The sophistry of the argument presented by Putin is appalling. He claims that a U.S. strike would weaken the legitimacy of the United Nations, while Russia stands ready to use its veto power to shield the Syrian government against any U.N. resolution. (Daniel Cuhat, Cedar Falls)
There’s no attempt to refute the argument that a (unilateral) US strike would hurt the legitimacy of the UN. Instead, a new premise ‘a veto diminishes the legitimacy of the UN’ is presented and Russia’s vetoes presented as evidence. The reader hasn’t refuted anything, only put forward a new premise of his choosing. Apart from these, there are innumerable non sequiturs like Nancy Imperiale’s “President Putin is threatening nuclear war if the U.S. attacks Syria. Reading this any other way is romanticizing it.” That conclusion just doesn’t follow.
Putin’s last paragraph said that American Exceptionalism, based on its policies, was an extremely dangerous idea and that Americans were no more (or no less) special than all other people in the world. Most of those who not bothered by unilateral wars or constant bypassing of international laws by the US – were devastated upon being called mediocre. It’s my prediction that just like Snowden was the residue of the PRISM uproar – Proof of Exceptionalism will become the center of this debate.
But Obama was essentially saying Americans are better than other people in ways that matter here. For example, probably we care about children who’ve been gassed to death more than people in other countries care. (Thinker, California)
This could be an argumentum ex silentio (argument based on ignorance) i.e. I know of no people who care for children more than Americans. Therefore, Americans must care most for children. Another one is an Existential Fallacy – the assumption that Americans care more about children is a universal fact. In fact, it is not a fact at all – but an opinion. And a pretty bigoted too.
Apart from the ad hominem attacks, assaults on straw-men, conjunction fallacies and plain bigotry – a vast number of (mostly US) readers have asserted one of three things: a) regardless of what Putin had to say, I support the printing of his views, b) say what you will of Russia/Russians, I think Mr. Putin is right on this time and c) reaching out to Americans at such a juncture is quite unprecedented and intelligent. Obsessed as I am with the country, I’ve been known to harbor a lot of anti-American views. But Americans’ utmost dedication to ‘defending one’s right to say it’ is unparalleled and I sincerely admire that culture. I hope it’s something we, Bangladeshis, can cultivate.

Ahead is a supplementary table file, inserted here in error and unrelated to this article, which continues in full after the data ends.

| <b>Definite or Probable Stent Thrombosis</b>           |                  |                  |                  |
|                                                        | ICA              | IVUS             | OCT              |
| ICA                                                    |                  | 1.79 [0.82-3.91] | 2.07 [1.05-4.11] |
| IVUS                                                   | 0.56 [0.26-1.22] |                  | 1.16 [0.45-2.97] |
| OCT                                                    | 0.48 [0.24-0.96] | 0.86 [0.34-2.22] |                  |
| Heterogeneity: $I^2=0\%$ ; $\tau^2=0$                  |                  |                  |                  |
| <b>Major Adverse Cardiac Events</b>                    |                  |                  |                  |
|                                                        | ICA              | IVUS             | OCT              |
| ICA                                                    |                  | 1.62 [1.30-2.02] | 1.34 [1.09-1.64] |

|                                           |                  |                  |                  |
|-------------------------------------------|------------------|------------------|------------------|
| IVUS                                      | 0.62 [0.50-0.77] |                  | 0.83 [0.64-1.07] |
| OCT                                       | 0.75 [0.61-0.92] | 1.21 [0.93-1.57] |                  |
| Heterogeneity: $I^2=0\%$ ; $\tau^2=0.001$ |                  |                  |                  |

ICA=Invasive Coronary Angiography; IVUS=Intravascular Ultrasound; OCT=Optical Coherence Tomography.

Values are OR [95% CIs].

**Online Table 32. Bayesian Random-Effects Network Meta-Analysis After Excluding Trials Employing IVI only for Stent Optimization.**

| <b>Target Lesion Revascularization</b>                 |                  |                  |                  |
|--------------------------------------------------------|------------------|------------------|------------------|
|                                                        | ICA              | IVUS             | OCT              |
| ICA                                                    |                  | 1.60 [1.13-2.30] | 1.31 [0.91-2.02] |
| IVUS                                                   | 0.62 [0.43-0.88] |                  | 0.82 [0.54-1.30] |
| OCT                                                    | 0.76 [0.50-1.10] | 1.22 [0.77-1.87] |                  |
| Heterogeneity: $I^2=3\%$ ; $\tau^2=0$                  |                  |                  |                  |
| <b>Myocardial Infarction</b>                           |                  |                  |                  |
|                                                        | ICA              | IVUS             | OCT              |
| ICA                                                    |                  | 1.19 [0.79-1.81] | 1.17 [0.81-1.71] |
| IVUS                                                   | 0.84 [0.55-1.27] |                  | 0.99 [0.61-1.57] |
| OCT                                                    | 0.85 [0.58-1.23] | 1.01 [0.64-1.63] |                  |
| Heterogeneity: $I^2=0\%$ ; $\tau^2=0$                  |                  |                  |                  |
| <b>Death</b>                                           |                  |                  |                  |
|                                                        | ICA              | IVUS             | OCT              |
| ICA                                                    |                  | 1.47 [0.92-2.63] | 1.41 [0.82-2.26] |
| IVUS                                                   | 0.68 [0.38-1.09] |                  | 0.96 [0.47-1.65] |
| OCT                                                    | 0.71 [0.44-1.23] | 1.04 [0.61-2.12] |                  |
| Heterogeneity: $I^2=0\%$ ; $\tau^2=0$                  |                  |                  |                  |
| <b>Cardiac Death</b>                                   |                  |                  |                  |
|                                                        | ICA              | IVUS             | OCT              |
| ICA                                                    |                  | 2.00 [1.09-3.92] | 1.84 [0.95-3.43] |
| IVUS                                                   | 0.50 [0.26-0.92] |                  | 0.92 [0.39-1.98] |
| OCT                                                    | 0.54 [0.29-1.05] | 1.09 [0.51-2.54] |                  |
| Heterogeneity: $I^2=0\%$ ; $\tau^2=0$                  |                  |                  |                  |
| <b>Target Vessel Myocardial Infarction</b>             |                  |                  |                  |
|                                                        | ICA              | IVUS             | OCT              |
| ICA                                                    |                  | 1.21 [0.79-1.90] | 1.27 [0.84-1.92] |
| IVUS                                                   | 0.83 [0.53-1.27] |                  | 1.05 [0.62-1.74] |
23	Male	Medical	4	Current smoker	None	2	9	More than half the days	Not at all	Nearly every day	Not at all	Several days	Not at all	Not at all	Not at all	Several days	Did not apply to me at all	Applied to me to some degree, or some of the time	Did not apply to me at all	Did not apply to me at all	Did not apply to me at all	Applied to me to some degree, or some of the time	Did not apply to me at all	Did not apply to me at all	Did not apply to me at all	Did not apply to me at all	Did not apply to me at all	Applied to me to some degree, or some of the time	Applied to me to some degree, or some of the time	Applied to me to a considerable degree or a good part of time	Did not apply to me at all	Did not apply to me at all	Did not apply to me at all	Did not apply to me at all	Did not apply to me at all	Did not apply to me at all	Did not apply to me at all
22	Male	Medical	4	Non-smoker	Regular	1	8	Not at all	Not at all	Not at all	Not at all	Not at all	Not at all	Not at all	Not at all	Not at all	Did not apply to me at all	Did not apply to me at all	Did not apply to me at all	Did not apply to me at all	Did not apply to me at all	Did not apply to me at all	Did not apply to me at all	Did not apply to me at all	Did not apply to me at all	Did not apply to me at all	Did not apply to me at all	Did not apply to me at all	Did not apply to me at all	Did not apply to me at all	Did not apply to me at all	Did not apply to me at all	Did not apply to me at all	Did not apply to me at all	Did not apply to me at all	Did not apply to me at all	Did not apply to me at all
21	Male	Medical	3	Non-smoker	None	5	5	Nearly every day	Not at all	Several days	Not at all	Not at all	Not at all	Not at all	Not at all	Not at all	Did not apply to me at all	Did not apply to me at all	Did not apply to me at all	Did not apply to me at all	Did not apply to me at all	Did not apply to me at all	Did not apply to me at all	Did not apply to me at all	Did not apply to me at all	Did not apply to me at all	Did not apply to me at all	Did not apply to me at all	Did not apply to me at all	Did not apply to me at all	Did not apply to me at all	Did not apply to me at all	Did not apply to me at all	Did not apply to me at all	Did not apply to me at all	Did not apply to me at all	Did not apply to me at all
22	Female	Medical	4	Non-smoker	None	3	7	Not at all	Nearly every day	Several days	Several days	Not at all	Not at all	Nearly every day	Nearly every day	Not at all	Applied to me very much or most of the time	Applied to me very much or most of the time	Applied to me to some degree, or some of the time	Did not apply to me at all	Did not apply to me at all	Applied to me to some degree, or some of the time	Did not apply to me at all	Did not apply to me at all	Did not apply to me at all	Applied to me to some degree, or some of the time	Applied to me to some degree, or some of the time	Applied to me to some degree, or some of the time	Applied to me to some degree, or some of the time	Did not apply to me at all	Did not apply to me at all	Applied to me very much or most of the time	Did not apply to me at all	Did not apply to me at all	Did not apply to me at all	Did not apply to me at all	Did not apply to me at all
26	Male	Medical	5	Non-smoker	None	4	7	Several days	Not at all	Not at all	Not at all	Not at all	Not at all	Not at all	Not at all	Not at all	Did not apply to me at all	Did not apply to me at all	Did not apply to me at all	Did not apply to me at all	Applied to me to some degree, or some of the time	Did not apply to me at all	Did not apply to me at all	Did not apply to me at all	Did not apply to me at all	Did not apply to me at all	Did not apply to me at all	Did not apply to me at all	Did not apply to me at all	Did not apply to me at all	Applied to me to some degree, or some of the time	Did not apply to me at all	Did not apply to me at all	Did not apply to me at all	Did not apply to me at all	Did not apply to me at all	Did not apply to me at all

Self-reflection is another recurrent theme – as reflected by the stream of comments on the article itself and other related content. In a moderately volatile situation, it’s hard to keep calm and judge something based purely on its merit (and not the surrounding propaganda). Consider the following comment:
Putin’s claim that the originators of the gas attack likely were Syrian rebels requires the same evidence of proof as Obama’s claim the attack was made by the Syrian government. “Trust me, I know” isn’t sufficient. (JFX, Chicago)
I can’t imagine how much discipline it must require to maintain such rationality at a time when everyone is jumping on the bandwagon (rationalized by a type of argumentum ad Populum) and when the likes of Fox News and CNN are constantly broadcasting YouTube videos that they can’t independently verify. Since when does unverified content constitute ‘news’? YouTube is a social media! Playing YouTube videos – speaking rationally – is no better than reading out Facebook statuses as news reports. But at a time when US media conglomerates are conveniently redefining what constitutes news, it’s fascinating to read these comments:
I don’t trust Putin, but I think he is exploiting a weakness that the US needs to correct, namely, that we are far too mired in self-delusional, campaign-style spin — even on the international stage, e.g. that we’d be welcomed as liberators in Iraq, that President Obama’s Syria strategy was a high-level chess game and played out exactly the way he planned. (AR, Chicago)
Let’s not just blindly trash Putin. He is probably no saint on many issues, but his Op Ed piece was right on the mark. Accepting the truth doesn’t mean we don’t love our President or our country. (PlanetEuropa, NC)
It was Aristotle who wrote “It is the mark of an educated mind to be able to entertain a thought without accepting it”. Apart from the emotionally-charged, suspicious or abusive reactions, I’ve seen a convergence of educated minds around the topic. The general consensus on focusing on the message instead of bashing the messenger is quite astounding – especially given historical US-Russia relations. Any people or person – American or otherwise – who can contemplate an idea without prejudice or preconceived bias, with sincerity and reason …is quite exceptional.